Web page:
Ozzy compulsively reads the d-mail of those who have preceded him along the sidewalk by sniffing low-lying boxwood, wrought iron fences and hardy city trees. Some would think this slow walk an aggravating willfulness and train the beast to move on. Not me. I appreciate the instincts and habits of this tamed wild animal who yanks me from one spot to the other, forward and backward, reminding me of his constant presence.

img00188-20110523-1919-2High-rise apartment buildings bookend each corner in Ozzy’s block of early 20th Century townhouses. At one corner, Gary the doorman entertains his Thompson Hotel guests by pop-flying Milk Bone dog treats for Ozzy to snatch in midair. Their RBI reaches 80% most days. Rounding the corner on Oak Street, Ozzy sniffs out bowls of treats laid down by strangers at the shops I think of as clothing museums – Dolce and Gabbana, Tom Ford, and Carolina Herrara.

The Scottish Terrier is notoriously independent. My twice-a-day walk with 20-pound Ozzy has wrenched my left shoulder to the point where I have had my entire shoulder joint replaced. One remedy for outwitting the domineering dog is to attach the leash to a loose chain collar and when he pulls, snap the leash so he’s startled by the scritching sound of the sliding chain. I tried this for a while.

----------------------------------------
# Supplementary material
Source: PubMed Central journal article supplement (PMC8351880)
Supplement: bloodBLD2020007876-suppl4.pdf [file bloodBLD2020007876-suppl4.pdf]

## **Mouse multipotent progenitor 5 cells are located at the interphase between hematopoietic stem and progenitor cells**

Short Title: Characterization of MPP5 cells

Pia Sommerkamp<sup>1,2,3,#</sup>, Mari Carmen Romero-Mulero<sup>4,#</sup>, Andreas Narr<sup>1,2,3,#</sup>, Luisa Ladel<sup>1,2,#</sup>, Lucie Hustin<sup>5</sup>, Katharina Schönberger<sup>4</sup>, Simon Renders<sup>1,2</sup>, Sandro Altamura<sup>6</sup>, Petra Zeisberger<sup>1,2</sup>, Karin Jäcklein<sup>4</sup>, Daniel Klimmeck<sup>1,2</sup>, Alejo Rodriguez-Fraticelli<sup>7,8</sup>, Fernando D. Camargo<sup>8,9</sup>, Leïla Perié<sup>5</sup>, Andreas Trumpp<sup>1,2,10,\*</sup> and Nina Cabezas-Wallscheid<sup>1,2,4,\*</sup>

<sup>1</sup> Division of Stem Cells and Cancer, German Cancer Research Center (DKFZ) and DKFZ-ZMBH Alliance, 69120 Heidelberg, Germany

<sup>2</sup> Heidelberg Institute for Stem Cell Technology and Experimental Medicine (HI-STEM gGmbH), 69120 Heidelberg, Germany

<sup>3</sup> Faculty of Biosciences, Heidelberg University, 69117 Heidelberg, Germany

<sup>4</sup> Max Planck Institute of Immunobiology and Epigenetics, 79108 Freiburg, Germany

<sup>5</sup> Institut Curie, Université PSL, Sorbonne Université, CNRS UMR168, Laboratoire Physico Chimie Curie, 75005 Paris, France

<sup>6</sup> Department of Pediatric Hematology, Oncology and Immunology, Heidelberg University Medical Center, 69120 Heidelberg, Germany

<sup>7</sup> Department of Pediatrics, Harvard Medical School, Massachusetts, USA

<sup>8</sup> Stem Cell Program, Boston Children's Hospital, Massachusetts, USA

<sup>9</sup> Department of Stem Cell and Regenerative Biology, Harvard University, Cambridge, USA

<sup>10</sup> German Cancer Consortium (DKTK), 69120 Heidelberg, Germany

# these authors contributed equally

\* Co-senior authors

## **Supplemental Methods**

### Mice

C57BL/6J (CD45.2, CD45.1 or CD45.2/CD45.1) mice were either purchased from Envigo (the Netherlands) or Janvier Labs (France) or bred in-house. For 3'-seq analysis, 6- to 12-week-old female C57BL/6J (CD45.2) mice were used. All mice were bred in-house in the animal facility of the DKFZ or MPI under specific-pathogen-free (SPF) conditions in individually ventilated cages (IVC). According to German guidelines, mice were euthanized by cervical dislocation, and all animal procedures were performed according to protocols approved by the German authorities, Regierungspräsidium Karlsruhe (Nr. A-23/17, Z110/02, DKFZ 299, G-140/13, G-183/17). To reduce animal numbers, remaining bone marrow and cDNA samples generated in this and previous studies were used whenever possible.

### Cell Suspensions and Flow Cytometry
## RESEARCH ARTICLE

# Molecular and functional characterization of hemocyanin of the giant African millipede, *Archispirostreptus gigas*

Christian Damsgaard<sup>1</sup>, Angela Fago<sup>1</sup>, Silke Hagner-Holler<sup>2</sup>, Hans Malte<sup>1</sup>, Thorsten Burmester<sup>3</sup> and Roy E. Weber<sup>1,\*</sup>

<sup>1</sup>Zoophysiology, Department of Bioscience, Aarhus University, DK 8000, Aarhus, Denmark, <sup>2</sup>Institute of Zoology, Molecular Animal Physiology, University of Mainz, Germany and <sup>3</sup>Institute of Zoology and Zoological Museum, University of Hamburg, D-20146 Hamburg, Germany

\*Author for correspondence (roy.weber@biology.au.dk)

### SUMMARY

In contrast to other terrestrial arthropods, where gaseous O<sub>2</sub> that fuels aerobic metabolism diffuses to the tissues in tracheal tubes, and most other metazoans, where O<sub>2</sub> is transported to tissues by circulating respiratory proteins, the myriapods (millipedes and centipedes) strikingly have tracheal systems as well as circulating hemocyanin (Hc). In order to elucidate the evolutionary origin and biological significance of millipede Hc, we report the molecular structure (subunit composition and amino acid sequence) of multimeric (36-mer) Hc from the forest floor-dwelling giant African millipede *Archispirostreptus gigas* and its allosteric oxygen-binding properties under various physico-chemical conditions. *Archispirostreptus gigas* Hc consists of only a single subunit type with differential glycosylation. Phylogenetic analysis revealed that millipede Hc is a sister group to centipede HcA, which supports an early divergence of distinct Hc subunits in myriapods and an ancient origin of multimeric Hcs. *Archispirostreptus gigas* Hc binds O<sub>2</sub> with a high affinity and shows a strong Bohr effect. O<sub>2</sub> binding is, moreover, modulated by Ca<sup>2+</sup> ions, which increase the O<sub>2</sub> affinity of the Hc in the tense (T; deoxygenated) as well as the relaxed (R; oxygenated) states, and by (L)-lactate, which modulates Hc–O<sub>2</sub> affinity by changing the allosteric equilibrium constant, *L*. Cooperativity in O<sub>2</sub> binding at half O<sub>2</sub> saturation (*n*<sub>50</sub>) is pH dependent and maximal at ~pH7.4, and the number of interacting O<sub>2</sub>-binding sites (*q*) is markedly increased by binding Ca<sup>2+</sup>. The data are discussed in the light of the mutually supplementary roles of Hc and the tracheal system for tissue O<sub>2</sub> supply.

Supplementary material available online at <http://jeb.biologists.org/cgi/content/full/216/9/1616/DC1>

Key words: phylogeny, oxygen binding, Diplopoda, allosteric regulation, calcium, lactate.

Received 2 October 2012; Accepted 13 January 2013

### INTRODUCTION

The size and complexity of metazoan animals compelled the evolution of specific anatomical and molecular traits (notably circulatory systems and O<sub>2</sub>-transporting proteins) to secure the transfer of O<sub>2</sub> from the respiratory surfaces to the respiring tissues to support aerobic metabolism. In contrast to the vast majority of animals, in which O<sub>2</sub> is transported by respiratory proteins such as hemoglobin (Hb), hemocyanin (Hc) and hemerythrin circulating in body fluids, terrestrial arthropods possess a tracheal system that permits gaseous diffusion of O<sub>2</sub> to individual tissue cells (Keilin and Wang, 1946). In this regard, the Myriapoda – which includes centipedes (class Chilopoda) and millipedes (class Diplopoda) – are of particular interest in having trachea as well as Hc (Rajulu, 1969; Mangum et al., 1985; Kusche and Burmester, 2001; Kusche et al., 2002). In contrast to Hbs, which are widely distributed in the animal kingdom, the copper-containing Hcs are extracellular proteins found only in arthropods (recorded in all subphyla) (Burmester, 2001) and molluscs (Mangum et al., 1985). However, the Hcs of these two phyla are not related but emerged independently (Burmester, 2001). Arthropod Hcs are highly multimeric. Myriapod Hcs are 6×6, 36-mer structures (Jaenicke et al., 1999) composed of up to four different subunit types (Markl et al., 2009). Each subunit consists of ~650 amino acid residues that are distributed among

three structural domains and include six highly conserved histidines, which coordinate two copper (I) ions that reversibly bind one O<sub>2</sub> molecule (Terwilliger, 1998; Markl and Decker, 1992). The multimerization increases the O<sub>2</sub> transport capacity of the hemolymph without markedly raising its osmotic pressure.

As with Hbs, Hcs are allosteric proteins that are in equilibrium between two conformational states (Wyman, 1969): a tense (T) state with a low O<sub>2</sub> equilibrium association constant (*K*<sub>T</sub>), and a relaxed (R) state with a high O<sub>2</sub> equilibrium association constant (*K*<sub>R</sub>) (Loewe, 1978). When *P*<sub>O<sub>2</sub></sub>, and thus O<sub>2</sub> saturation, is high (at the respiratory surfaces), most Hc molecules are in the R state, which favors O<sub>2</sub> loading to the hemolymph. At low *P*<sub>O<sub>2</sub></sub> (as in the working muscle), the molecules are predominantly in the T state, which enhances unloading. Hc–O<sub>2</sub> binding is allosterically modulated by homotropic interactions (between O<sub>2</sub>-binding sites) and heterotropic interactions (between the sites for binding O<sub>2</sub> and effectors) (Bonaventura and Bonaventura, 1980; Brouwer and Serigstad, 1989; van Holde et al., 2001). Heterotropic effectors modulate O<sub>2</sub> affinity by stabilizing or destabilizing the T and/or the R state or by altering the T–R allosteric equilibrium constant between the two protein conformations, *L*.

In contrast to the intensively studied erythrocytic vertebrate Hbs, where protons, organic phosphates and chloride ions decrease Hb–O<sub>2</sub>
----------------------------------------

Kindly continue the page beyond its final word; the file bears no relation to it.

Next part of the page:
One snowy evening last winter, I gathered my dog-walking storm gear – neon green il_340x270-672296456_4r2jcaterpillar coat (easily seen in the dark), slip-proof gloves (for hanging onto the leash), cleated boots, Ozzy’s sweater, and dog boots to protect from the stinging salt. We trudged across Michigan Avenue to East Lake Shore Drive by the Drake Hotel. They continually shovel and salt a long stretch of pavement there. The wind blocked any possible noise from street traffic, and the snow muffled foot traffic. We marched down the street then back, across Michigan Avenue, into the dog entrance of our building, up the elevator and into the hallway of our apartment. I loosened and lowered my hood and looked down to find Ozzy’s iced-up chain collar melting on the carpet – but no Ozzy.

Pounding on the elevator door I screamed, “Is my dog in there?” I flew down three flights of stairs, out the dog entrance, and into the middle of the intersection where Michigan Avenue meets Lake Shore Drive. Ozzy’s black body would easily show in the white snow.

“Oh God! I know you’re punishing me for not picking up after him tonight but it’s too much to bear! Please.”

I screamed out to passersby as I crossed to the Drake where the doorman yelled, “Yes! Hurry! I saw him running toward the lake!”

Another, a dog-walker, “He went over there!”

And another, “I saw someone take him to 209!”

At 209 the unfamiliar doorman said, “I was hoping you’d come by, since I didn’t know how to find you.” He retrieved unrepentant Ozzy from the package room and I carried him the one block home. The following morning’s walk took us to Walgreen’s to purchase a proper dog collar.